And so it carries on. You say all that you know how (although there’s always something more that won’t quite come right); wrap it, as the movie-people say or say they say; then think of a little final thought to up all the loose ends into final pretty little bow - a nicely-written paragraph right at the end. You take two steps back and squint appraisingly at this little present you are about to send to who knows who... and see that in the end, it all turned out to be just about you after all, and little else.
You sigh and start again. You just glimpsed something through your window...
Witnness Weekend - July 12th and 13th
I read an article over the weekend about how the cost of tickets to live concerts is just going up and up, and that you can spend more at a pop concert than you would for a night at the opera. If you want to go to a festival, you have to include the cost of a transport, food and drink, and maybe band t-shirts, fairground rides and pretty things from the stalls around the site. The final cost for the weekend could be twice the ticket price. A two-day ticket to Witnness this year was €109.50. I nearly didn't go.
Witnness is a two-day music festival sponsored by Guinness, hence the two n's. It consists of two out-door stages, three tents and a wide variety of acts. This was its fourth year. It's not Glastonbury with its 20 years of history and its worldwide reputation, but it's not too shabby and even Glastonbury had to start somewhere.
The weather was perfect all weekend - hot and sunny. It's a glorious way to experience music, sitting in the sunshine or wandering from tent to tent through the hazy sunshine, surrounded by happy people.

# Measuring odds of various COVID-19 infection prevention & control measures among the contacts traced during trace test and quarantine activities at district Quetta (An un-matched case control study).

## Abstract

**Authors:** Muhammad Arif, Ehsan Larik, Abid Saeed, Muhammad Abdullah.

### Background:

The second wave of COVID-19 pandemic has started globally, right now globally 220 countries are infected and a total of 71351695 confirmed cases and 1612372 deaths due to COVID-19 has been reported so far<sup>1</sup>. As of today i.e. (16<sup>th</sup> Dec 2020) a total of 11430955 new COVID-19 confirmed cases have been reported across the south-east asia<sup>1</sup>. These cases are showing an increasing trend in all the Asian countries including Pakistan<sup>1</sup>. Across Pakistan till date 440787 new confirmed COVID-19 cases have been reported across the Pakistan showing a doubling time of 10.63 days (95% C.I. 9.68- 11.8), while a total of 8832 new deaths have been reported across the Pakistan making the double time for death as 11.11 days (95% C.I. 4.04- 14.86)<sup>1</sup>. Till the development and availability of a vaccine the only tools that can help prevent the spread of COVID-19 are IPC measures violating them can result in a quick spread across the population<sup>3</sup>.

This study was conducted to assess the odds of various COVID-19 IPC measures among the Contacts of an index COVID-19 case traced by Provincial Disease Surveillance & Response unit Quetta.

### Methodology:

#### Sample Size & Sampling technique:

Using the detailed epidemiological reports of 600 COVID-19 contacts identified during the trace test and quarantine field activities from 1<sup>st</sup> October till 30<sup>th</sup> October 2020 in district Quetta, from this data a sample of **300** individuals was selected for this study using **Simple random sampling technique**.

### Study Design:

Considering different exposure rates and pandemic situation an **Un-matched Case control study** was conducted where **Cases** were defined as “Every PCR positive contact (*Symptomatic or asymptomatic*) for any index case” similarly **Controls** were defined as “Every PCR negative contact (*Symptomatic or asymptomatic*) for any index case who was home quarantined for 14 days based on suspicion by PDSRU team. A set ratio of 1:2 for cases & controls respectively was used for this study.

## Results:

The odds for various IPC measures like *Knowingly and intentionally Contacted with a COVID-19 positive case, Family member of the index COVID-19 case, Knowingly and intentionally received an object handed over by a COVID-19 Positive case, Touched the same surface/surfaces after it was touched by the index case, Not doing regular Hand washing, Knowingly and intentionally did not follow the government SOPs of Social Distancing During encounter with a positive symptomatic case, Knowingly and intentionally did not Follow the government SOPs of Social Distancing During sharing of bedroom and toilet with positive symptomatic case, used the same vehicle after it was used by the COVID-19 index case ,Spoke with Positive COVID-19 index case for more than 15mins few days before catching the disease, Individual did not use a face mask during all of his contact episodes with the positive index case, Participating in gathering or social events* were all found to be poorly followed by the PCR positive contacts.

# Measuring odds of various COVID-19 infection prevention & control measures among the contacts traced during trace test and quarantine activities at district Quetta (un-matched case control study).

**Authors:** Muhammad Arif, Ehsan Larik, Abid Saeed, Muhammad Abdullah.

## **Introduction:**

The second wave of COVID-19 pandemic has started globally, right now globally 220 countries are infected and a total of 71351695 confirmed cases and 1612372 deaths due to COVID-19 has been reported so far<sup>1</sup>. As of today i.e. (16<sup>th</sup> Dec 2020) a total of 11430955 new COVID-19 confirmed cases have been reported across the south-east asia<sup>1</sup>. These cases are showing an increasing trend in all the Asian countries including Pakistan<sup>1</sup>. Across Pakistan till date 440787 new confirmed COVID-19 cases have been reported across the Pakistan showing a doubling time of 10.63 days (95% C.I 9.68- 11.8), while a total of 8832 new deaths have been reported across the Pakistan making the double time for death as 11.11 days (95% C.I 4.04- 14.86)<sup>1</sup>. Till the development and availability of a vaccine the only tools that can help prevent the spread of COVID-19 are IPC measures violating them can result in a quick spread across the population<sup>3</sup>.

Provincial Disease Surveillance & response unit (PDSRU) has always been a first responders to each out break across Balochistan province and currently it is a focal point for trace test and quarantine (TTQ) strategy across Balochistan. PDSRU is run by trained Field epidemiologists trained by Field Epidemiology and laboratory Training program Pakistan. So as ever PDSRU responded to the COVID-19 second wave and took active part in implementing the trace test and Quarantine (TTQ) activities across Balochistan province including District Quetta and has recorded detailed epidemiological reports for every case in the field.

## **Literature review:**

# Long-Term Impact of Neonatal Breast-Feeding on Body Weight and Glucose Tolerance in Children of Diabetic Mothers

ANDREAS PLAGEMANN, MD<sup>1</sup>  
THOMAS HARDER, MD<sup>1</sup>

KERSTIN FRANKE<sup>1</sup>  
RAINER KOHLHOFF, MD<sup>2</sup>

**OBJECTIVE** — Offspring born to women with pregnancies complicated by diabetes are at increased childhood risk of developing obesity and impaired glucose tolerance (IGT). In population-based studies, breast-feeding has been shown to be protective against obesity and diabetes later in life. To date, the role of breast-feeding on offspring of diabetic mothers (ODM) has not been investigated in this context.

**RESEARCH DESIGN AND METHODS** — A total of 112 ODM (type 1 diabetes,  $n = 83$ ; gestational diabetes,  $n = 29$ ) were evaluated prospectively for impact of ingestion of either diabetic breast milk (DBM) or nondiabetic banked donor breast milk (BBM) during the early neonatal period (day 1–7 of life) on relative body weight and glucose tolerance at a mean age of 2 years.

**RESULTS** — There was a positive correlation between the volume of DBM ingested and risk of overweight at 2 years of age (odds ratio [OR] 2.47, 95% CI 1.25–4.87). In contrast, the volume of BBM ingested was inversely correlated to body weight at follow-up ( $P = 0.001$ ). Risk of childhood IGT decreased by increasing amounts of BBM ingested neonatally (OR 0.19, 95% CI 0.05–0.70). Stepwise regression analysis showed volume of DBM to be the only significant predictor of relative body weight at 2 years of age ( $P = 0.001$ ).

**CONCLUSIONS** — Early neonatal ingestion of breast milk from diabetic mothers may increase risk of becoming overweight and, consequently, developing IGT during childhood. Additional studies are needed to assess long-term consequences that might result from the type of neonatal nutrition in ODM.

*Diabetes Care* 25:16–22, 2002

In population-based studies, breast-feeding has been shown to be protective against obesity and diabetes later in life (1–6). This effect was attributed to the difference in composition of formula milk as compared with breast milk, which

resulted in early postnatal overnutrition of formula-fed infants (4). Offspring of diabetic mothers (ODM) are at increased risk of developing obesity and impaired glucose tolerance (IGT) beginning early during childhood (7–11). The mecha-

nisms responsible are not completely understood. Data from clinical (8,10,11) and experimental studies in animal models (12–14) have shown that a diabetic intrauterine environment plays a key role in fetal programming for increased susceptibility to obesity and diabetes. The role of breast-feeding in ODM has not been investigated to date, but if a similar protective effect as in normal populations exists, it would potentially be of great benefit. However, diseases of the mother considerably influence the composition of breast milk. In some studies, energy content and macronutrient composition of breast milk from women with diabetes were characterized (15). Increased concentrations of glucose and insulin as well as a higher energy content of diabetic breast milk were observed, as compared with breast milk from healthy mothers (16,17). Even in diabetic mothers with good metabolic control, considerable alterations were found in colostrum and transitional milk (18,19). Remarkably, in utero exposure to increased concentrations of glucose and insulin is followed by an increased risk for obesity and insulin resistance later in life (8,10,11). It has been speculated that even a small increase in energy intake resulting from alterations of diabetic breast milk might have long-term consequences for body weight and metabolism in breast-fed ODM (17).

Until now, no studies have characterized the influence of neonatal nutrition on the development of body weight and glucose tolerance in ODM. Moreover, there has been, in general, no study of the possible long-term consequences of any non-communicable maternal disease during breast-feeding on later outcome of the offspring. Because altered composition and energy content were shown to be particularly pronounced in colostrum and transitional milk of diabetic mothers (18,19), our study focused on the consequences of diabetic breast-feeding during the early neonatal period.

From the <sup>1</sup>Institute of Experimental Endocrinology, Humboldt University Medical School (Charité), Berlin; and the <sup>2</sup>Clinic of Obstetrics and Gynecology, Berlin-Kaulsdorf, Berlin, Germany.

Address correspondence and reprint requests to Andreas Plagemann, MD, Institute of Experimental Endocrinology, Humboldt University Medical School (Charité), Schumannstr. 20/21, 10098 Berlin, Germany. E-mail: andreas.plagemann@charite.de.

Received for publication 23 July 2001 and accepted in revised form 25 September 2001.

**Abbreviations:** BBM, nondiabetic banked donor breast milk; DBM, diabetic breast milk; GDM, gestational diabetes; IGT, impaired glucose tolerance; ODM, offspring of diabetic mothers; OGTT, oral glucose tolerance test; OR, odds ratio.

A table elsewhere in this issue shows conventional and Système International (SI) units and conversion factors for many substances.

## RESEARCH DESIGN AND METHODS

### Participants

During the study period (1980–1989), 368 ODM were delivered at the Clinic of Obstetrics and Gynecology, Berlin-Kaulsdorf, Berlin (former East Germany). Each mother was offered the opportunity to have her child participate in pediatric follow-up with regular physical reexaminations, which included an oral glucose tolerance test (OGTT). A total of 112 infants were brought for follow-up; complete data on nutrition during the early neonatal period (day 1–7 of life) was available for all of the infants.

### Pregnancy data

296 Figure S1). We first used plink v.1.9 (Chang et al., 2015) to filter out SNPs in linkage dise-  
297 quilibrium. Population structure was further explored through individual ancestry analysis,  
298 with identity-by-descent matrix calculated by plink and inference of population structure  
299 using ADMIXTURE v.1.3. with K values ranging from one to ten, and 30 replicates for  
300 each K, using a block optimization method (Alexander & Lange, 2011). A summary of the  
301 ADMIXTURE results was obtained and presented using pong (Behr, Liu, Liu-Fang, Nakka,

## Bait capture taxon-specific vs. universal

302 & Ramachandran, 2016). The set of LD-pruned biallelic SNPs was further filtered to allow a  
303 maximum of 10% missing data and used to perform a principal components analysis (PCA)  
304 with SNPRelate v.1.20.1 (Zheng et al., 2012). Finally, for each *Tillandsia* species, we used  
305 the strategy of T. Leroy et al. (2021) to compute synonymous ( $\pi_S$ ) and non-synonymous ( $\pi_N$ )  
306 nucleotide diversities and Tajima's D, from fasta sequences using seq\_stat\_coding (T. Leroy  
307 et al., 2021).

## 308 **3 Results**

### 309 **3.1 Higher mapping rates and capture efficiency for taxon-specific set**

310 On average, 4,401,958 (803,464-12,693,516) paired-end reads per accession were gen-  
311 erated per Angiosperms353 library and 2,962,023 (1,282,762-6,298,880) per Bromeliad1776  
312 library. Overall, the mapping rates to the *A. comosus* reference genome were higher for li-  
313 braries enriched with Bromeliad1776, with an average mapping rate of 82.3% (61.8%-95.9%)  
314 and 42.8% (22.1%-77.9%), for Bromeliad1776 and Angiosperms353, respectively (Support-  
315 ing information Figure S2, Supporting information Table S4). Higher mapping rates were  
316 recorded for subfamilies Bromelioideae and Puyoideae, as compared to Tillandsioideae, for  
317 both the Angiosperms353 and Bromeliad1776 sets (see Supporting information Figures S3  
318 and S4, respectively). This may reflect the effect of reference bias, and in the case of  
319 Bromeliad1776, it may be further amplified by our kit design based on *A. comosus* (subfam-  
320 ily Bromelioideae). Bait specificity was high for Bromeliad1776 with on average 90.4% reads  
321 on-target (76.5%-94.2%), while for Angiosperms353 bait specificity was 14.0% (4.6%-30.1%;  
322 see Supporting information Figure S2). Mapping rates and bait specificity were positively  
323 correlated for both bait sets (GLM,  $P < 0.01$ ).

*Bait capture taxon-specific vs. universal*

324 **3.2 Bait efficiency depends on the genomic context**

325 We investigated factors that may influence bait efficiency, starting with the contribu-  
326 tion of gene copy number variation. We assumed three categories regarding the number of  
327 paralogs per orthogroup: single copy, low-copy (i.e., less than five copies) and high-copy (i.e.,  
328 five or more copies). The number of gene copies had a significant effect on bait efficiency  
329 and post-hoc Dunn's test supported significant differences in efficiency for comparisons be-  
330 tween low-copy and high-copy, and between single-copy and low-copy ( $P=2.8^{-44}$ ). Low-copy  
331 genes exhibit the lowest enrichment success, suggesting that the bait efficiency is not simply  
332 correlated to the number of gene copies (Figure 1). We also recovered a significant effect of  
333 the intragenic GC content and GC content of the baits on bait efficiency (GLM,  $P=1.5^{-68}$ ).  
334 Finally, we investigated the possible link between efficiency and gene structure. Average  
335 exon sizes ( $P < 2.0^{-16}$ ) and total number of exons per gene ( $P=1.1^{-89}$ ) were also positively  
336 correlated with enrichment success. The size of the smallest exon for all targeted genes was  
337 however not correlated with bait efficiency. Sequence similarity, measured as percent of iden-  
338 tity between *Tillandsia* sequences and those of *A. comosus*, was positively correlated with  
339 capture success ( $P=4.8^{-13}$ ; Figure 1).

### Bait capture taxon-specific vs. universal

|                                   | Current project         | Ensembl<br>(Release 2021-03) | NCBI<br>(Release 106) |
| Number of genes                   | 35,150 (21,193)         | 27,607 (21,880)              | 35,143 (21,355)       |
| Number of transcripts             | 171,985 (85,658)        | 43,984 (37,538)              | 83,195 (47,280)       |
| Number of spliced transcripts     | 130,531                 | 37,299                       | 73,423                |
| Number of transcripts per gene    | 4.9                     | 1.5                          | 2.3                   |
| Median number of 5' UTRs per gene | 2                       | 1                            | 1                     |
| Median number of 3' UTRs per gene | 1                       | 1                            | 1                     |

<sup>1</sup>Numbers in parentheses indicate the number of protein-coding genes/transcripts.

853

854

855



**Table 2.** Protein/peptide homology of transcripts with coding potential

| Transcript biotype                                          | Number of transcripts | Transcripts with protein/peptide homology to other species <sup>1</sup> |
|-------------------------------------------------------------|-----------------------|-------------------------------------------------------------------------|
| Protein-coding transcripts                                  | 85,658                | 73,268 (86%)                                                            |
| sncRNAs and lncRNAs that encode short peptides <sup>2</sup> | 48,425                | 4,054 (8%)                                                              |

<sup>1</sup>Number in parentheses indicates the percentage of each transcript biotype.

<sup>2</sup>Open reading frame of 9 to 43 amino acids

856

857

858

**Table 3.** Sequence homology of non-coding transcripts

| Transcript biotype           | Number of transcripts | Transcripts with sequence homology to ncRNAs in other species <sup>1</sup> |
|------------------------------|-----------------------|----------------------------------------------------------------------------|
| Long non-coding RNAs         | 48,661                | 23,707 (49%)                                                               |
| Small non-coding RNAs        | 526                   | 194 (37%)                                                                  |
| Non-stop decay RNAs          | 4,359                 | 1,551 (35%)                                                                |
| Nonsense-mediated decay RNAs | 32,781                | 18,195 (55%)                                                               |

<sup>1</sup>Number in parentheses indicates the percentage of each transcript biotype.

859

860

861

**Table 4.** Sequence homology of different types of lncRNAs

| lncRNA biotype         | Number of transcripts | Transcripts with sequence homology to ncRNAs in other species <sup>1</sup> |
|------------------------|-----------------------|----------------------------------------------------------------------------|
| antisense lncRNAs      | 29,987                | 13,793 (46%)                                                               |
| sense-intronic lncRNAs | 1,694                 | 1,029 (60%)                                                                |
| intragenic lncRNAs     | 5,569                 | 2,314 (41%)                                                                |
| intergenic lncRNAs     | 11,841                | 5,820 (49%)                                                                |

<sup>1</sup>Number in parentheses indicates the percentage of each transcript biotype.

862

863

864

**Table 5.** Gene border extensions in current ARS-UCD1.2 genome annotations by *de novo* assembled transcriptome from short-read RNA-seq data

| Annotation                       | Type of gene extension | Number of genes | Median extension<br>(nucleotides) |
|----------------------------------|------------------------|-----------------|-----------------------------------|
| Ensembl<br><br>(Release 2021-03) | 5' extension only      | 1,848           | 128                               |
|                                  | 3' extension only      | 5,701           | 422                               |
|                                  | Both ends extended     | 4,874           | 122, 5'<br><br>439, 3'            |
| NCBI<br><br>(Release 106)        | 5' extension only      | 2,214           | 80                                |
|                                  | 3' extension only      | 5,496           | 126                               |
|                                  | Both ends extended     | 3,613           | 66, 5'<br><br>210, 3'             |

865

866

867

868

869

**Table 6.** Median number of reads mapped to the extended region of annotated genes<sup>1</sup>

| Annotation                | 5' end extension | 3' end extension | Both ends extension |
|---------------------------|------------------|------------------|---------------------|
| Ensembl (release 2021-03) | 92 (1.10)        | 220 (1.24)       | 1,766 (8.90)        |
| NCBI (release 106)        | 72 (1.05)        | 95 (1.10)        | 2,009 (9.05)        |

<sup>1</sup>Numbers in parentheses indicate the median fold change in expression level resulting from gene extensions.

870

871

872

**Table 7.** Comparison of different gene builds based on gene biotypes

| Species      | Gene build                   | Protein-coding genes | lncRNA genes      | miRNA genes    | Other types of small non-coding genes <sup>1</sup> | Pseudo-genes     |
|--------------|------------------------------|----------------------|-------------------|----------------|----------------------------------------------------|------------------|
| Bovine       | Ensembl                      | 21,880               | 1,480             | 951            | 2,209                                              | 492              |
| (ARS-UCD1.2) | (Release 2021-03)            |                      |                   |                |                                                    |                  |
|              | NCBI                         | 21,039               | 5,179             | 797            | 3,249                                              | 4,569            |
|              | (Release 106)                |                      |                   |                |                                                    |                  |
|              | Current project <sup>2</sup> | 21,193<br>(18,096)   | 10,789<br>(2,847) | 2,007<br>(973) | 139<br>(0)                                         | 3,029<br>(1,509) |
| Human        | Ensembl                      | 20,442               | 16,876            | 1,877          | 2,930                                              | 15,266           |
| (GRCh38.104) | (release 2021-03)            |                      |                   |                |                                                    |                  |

I always miss bands at Witnness, there are always things I'd wish I'd seen. I did a lot though. There were the bands that I had looked forward to, ones that I thought might be interesting, and then there's always a few surprises.
On Sunday afternoon, I wandered into the Rising tent to get out of the bright sun. The band was just starting. I didn't catch their name, but there was ten of them - lead singer, two guitarist, a drummer, keyboard player, three violinists, a girl on the saxophone, and a random guy who leap around playing percussion. They were really enthusiastic and really, really good. And they loved the reception that they got. I think it must be hard but the smaller bands who are playing early in the day to an audience that doesn't know them. This band was surprised and delighted with the audience reaction and I thought that was sweet!
I love the intimacy of the little, dark tents and I think it's exciting seeing brand new acts. And there were a few of those moments over the weekend. However, I think all my Witnness highlights came from the Main stage.
On Saturday, it was Damien Rice. An Irish act that has only been around for a couple of years he's only got one album and a couple of singles under his belt. He was on Saturday evening, just before Coldplay. And he went down a storm. I think nearly everyone in the audience had a copy of the album because everybody seemed to be singing along with every single song. It's pretty cool to be singing with hundreds, maybe thousands of people.
Sunday's highlights were provided by The Frames and The Flaming Lips. The Frames are always among my Witnness favourites. They seem to enjoy the day as much as everybody else. They performed a great set with lots of crowd favourites, including their cover of The Pixies Debaser. Again, there was plenty of singing along and a good time was had by all.
The Flaming Lips were moved to the Main stage a couple of days before the festival, to replace The White Stripes. I was really looking forward to The White Stripes and I was disappointed when I heard they weren't playing, but I can't imagine anyone who could do a better job at filling in for them. I think The Flaming Lips surprised a lot of people because they really put on a fantastic show. Wayne Coyne is my new hero. He stood on stage encouraging everyone to sing along, repeating lines over and over again until we all knew them, and again there was that wonderful experience of hundreds of voices raised in song, and the spectacular site of hundreds of hands waving in unison. You can't achieve that on your own, everyone has to work together and there's a great feeling of equality and democracy. Again the band seemed to be enjoying themselves as much as the audience - and I love that - that feeling of togetherness.